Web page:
During the 1950s and 1960s the Dutch along with many other nationalities emigrated from their countries to what was then the municipalities of Dandenong and Springvale. They soon made their mark on enriching the area in various ways, some went into the market garden and flower farm industry and others were butchers, bakers etc.
The brick church was built in the 1950s after those that belonged to the Reformed Church had bought a site on Cleeland Street. They were amongst the first of the new emigrants to purpose build their own church. Some Dutch Catholics joined St Mary's Choir, Dandenong during the late 1950s-early 1960s, later forming their own choir, the St Gregorius Choir.
There was great excitement amongst the local Dutch community when a continental shop opened on Lonsdale Street selling a favorite called 'Dropjes' (similar to licorice). A Dutch butcher also moved into Dandenong in the 1960s then in the 1970s the Dutch club started.
The Reformed Church congregation eventually sold their site in Cleeland Street, building a new church and resource centre in Outlook Drive, which then opened in 1983.
Photo kindly shared to page by Anna Veldman. (her fathers' VW Beetle is in the foreground of the photo).

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Tuesday, May 30, 2017

Public Restrooms/Toilets, Corner Lonsdale and Langhorne Streets, Dandenong, undated.

Do you remember when there used to be these unique Public Restrooms/Toilets at the intersection of Langhorne and Lonsdale Streets? With half of the building bellow ground level they were a sight not to be missed, This intersection has seen a few changes over the years.

Dandenong was the junction of the eastern and south-eastern road and railway systems that connected Gippsland with the metropolis 20 miles away. The district around Dandenong became one of the main sources of Melbourne’s milk supply and famous for its herds of pedigree dairy cattle (Argus, 21 December 1921).

Dandenong Market was important as ‘a great clearing centre of surplus stock from one of the most productive closer-settled districts in the state’ (Leader 23 July 1947). Some farmers came to buy store cattle to fatten them up and sell later at a profit. Others came to buy cattle at the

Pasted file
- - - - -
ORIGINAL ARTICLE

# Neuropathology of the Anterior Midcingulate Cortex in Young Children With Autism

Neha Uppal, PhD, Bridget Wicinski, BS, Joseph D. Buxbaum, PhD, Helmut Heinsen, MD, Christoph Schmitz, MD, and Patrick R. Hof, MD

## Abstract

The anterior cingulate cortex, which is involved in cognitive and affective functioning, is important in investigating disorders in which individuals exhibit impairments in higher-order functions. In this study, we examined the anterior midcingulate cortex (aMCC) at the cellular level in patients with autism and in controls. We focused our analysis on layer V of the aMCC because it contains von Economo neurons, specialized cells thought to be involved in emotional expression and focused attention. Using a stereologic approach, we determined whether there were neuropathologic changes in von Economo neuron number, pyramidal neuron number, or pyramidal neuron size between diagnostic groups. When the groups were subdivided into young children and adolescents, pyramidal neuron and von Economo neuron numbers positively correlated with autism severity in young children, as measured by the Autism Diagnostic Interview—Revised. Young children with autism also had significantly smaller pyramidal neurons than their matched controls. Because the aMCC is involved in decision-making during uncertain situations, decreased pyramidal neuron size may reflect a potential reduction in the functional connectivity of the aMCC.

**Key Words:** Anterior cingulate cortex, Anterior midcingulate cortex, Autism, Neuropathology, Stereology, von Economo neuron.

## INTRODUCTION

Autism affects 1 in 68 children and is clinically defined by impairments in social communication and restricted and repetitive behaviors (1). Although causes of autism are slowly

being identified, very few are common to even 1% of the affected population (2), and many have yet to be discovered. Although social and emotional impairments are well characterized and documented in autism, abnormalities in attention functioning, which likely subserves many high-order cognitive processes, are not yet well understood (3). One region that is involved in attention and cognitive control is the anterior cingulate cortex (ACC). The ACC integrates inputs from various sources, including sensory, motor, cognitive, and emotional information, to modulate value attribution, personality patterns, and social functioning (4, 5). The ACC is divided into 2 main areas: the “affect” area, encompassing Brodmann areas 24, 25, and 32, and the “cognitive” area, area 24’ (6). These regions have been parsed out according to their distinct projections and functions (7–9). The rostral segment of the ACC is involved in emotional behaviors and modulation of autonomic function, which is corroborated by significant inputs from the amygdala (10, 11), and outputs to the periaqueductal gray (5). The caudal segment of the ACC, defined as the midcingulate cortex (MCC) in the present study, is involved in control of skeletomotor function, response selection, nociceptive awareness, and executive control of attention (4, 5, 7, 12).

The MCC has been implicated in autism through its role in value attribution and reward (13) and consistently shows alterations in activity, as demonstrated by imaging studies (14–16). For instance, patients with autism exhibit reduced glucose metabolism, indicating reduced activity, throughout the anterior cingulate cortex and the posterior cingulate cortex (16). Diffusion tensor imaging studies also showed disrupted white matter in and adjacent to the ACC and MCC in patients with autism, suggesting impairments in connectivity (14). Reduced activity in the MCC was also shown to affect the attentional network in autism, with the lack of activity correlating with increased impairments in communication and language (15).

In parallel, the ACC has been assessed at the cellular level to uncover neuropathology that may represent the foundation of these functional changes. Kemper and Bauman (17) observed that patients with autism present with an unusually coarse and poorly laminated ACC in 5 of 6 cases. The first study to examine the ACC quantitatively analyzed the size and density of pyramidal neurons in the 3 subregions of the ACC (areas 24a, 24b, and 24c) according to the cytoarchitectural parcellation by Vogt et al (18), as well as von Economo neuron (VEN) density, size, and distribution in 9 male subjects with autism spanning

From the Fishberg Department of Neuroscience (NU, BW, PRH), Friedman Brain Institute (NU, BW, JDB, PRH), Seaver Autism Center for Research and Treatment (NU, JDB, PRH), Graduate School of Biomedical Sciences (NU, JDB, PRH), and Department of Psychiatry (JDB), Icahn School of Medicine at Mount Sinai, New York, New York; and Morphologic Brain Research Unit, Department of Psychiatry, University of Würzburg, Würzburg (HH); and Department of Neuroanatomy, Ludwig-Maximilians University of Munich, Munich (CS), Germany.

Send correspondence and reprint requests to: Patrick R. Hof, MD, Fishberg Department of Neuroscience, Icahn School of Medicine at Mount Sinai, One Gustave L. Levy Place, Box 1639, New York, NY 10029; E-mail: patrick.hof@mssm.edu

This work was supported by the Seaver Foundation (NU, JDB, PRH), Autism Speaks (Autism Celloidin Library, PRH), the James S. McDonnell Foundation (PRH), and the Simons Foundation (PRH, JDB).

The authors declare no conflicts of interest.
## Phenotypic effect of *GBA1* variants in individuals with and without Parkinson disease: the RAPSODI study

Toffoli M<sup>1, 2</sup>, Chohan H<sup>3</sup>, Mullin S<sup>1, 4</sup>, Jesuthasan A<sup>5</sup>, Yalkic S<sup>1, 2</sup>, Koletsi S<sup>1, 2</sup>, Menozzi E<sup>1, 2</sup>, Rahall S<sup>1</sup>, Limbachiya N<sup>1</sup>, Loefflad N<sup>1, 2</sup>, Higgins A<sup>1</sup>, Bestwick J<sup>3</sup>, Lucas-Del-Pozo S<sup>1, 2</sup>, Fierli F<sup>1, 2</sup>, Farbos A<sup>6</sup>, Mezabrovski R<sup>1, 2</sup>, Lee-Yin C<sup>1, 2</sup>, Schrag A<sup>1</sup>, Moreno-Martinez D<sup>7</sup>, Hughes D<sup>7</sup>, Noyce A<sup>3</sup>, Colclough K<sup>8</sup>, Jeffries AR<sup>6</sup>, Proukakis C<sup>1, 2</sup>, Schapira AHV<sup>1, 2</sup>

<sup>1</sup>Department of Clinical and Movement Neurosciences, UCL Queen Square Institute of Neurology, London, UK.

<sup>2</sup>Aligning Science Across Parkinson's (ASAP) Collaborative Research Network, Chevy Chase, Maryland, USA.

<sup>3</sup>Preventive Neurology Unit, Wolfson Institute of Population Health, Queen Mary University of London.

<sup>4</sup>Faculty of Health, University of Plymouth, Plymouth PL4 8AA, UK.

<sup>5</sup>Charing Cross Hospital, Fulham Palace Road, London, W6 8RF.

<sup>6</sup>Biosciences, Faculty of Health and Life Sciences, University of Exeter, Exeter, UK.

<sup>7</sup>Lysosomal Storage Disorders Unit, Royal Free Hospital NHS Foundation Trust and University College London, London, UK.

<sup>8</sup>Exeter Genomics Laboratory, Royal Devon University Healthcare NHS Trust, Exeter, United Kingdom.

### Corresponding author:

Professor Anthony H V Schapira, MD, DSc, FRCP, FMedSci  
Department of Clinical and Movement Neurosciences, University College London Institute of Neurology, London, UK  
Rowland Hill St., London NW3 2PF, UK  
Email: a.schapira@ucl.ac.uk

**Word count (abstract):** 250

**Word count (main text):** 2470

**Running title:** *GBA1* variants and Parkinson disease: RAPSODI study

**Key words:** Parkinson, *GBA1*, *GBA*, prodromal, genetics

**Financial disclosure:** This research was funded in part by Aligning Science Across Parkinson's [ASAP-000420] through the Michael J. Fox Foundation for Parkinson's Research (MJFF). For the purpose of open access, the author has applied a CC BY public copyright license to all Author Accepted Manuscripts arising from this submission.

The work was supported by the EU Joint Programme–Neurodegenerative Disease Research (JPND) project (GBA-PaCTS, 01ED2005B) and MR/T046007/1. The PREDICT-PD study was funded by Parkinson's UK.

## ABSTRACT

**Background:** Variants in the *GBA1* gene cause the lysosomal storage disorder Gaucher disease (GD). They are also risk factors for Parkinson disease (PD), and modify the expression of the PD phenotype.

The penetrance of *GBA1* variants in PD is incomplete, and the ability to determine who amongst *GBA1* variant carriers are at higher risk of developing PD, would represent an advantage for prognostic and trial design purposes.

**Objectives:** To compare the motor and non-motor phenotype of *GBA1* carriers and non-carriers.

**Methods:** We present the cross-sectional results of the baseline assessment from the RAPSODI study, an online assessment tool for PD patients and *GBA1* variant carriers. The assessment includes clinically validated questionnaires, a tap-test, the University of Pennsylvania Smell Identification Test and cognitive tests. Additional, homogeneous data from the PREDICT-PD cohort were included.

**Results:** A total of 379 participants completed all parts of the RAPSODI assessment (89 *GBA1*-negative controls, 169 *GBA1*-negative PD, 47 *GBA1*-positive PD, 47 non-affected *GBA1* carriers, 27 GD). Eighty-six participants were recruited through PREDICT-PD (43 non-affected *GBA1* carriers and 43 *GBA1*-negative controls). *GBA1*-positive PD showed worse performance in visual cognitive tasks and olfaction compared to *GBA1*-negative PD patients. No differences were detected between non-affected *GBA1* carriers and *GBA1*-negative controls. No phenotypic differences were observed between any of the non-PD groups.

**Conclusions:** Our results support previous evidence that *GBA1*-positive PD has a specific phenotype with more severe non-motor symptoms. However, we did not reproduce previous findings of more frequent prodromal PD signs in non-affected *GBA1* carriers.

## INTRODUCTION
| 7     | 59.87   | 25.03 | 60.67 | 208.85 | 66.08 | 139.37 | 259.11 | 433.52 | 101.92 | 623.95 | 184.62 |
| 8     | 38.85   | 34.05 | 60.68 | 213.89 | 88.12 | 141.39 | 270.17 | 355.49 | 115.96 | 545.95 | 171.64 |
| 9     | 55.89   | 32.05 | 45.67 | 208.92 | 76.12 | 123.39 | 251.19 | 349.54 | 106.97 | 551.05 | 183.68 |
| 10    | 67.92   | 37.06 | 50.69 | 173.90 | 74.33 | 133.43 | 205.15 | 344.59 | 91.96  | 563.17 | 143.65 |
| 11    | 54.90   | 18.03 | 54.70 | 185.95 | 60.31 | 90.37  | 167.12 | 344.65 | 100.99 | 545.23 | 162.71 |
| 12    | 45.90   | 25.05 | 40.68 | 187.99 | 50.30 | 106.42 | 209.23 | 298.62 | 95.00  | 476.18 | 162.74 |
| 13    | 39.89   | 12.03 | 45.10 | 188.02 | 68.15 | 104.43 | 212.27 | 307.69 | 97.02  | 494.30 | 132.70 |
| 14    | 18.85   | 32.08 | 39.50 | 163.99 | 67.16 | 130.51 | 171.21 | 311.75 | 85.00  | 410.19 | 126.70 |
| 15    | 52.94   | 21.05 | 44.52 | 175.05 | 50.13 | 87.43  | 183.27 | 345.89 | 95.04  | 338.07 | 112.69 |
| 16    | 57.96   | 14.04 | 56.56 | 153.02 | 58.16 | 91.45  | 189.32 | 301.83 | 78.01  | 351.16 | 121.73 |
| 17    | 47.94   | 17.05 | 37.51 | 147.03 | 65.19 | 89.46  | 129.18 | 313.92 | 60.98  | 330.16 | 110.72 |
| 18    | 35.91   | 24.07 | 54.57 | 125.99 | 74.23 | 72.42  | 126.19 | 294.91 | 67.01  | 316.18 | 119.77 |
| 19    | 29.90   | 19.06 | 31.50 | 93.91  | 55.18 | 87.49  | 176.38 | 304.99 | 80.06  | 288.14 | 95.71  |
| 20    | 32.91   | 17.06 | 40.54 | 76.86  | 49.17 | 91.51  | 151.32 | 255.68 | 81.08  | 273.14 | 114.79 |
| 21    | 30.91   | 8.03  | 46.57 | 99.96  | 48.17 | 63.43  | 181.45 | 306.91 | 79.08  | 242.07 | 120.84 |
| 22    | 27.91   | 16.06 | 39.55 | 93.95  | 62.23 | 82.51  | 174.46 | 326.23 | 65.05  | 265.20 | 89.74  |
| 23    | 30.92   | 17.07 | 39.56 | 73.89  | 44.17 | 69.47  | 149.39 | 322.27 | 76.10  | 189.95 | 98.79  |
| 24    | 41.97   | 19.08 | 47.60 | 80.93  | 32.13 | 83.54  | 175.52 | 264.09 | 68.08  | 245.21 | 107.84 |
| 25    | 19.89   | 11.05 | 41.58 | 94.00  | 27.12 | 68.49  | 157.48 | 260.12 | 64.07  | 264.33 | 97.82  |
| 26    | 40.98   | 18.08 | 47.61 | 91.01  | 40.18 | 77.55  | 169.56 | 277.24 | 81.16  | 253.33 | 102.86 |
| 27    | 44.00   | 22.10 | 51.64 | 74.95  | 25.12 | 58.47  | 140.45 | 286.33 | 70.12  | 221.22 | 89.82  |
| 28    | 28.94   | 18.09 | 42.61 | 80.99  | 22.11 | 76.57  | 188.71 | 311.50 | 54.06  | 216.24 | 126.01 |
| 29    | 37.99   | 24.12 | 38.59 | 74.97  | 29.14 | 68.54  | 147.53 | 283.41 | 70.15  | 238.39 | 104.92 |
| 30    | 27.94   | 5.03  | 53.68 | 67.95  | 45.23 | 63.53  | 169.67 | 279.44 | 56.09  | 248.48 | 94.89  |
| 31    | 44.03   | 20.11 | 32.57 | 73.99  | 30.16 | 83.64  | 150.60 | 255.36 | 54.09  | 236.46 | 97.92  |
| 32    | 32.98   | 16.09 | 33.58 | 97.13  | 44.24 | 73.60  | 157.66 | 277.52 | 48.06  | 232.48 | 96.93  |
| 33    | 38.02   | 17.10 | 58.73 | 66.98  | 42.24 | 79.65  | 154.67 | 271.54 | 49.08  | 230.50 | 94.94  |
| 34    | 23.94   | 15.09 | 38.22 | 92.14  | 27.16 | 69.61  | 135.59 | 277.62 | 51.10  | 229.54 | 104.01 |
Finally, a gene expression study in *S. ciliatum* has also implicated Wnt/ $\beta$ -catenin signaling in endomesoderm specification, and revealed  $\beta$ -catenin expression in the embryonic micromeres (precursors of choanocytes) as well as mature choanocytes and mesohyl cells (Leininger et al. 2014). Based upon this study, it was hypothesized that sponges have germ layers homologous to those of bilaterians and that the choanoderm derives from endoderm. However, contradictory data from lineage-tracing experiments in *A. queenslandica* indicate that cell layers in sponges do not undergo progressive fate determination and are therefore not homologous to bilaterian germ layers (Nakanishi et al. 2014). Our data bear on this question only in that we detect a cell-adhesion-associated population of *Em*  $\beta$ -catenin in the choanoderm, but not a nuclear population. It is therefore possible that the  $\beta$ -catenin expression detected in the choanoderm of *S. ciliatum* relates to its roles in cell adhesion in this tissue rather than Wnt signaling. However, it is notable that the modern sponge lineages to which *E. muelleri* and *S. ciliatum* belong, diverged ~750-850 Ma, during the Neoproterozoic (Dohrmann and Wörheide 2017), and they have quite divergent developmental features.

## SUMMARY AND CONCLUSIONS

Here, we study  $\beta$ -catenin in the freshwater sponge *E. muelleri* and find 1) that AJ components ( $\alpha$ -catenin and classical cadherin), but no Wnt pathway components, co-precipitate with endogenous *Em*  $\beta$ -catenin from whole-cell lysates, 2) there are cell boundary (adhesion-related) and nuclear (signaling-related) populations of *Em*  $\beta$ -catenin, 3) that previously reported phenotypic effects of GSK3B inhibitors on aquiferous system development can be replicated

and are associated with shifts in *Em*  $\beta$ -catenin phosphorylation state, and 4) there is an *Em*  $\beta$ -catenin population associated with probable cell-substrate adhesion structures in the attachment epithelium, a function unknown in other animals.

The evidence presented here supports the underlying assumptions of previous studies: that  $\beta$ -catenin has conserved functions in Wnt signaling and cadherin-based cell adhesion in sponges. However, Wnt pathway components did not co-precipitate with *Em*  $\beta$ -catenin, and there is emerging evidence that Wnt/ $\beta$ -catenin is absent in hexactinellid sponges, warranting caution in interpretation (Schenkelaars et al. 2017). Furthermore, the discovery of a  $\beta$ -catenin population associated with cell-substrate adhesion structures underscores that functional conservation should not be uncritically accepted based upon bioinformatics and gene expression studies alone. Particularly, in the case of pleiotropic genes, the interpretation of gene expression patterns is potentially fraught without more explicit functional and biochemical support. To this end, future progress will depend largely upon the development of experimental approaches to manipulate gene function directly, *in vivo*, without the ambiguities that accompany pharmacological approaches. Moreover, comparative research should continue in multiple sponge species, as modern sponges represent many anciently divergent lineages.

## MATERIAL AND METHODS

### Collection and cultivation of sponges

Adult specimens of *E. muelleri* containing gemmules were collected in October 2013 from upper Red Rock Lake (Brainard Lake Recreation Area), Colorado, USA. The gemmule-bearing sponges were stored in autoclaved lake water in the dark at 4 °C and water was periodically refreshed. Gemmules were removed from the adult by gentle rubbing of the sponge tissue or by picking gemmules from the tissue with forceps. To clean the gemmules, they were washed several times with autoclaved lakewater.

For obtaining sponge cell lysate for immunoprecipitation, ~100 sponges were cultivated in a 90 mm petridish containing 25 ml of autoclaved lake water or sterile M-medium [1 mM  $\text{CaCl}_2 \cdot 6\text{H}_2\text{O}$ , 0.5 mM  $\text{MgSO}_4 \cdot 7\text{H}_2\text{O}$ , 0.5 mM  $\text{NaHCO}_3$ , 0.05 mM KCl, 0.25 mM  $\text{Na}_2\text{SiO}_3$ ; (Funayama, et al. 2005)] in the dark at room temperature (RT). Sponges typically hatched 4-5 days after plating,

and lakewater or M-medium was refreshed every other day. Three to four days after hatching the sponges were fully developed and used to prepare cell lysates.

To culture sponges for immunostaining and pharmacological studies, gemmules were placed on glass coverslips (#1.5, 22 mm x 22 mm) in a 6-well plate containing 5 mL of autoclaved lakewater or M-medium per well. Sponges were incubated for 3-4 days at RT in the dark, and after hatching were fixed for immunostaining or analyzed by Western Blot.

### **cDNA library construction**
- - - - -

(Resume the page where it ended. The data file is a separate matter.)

Dandenong market. At that time, most cattle trucks were horse-drawn.

Almost all of the cattle at the Dandenong Market were escorted through Dandenong by whip-cracking horsemen. Sometimes children would wag school to spend time at the market, which was then located on Main Street (now Lonsdale Street) from Clow Street to the rear of the Post Office. Cattle pens ran back from the footpath on the east side and the fresh produce section ran along the wide footpaths.

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Monday, May 29, 2017

Dandenong Journal, 1 Scott Street, Dandenong, undated

We came across an alternate view of the Journals old building at 1 Scott Street. Where the Nu Hotel now stands. No date was provided, but the image does give a wonderful view/perspective on where the building was along with the neighbouring building, both of which were lost long before the construction of the Nu Hotel.

150 years since the first edition rolled off the press in August 1865, first published as the South Bourke and Mornington Journal, it is hard to image what Harvey Roulston would make of the Dandenong Journal 150 years after the first copy slid off his printing press in 1865. The full-colour publication, with its digital photographs, modern Futura masthead and Facebook feedback would certainly have been unimaginable to a newspaper man in the 19th century.